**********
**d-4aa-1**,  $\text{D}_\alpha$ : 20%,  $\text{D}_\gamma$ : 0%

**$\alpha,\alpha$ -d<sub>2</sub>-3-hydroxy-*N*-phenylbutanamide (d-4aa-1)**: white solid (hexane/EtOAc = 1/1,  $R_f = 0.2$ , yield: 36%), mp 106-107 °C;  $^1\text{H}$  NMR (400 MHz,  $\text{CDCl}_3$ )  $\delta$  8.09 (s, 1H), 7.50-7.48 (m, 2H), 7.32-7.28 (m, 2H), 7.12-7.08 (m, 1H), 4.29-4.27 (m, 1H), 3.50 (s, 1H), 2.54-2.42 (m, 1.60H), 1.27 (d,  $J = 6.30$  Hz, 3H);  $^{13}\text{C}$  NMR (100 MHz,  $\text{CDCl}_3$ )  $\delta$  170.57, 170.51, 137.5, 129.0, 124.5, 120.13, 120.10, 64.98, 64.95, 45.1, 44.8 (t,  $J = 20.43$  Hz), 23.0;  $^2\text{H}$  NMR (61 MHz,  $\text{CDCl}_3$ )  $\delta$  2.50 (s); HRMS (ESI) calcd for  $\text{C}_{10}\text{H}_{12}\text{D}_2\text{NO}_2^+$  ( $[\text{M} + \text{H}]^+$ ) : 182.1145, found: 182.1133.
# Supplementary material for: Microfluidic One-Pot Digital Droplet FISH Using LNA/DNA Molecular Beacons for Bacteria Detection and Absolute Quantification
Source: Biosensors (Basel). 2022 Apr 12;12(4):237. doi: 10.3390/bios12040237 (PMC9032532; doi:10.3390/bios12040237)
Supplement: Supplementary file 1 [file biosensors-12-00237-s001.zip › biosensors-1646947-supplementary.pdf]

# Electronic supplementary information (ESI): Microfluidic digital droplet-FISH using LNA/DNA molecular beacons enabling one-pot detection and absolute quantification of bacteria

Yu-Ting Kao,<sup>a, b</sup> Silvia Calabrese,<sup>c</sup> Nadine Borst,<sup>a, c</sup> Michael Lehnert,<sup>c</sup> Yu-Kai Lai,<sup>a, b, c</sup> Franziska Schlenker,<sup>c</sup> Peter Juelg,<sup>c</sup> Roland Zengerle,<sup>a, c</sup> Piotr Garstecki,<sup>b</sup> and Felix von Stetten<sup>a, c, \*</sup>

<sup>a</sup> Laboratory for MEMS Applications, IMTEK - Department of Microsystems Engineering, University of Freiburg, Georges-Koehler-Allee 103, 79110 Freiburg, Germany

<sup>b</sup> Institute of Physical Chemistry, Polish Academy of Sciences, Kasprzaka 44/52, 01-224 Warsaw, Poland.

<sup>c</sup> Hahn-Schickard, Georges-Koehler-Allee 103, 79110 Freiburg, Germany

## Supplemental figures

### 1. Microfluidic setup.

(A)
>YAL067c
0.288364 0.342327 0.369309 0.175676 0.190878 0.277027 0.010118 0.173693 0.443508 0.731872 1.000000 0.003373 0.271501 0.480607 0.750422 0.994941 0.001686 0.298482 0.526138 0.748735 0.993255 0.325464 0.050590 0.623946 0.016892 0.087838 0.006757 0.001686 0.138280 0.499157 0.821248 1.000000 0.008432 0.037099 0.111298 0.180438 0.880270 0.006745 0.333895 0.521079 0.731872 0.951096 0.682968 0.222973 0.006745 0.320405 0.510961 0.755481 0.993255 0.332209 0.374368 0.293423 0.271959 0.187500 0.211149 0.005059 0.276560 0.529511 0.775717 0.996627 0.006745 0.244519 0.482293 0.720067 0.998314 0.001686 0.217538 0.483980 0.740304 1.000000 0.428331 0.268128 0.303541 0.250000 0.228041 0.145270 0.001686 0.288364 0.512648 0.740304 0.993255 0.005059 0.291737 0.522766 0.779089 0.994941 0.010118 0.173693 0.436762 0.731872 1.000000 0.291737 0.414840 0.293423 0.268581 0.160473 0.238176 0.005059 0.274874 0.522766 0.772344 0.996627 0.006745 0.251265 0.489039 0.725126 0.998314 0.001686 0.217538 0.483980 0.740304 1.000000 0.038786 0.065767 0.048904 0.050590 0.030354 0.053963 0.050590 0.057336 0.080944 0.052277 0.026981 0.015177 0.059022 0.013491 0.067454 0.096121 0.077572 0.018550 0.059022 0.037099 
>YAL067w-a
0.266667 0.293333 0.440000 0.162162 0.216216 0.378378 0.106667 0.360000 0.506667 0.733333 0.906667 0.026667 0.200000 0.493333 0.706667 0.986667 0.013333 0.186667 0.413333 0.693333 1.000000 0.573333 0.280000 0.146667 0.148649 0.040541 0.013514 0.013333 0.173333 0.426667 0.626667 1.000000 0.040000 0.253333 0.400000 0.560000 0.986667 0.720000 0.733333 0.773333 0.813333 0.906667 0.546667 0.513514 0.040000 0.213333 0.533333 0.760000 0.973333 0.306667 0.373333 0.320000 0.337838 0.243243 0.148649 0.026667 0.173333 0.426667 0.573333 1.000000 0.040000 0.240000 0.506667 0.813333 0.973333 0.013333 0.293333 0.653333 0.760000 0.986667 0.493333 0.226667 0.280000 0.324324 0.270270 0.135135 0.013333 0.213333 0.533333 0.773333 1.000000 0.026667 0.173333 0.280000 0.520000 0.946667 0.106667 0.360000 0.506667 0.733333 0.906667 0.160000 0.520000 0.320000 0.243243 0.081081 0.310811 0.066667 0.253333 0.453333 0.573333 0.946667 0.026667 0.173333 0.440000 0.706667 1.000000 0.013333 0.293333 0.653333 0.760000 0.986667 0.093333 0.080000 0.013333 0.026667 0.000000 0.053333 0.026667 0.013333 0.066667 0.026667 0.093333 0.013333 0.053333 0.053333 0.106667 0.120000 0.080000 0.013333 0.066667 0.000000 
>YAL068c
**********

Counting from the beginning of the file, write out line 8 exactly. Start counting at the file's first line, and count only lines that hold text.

<sup>a</sup> Laboratory for MEMS Applications, IMTEK - Department of Microsystems Engineering, University of Freiburg, Georges-Koehler-Allee 103, 79110 Freiburg, Germany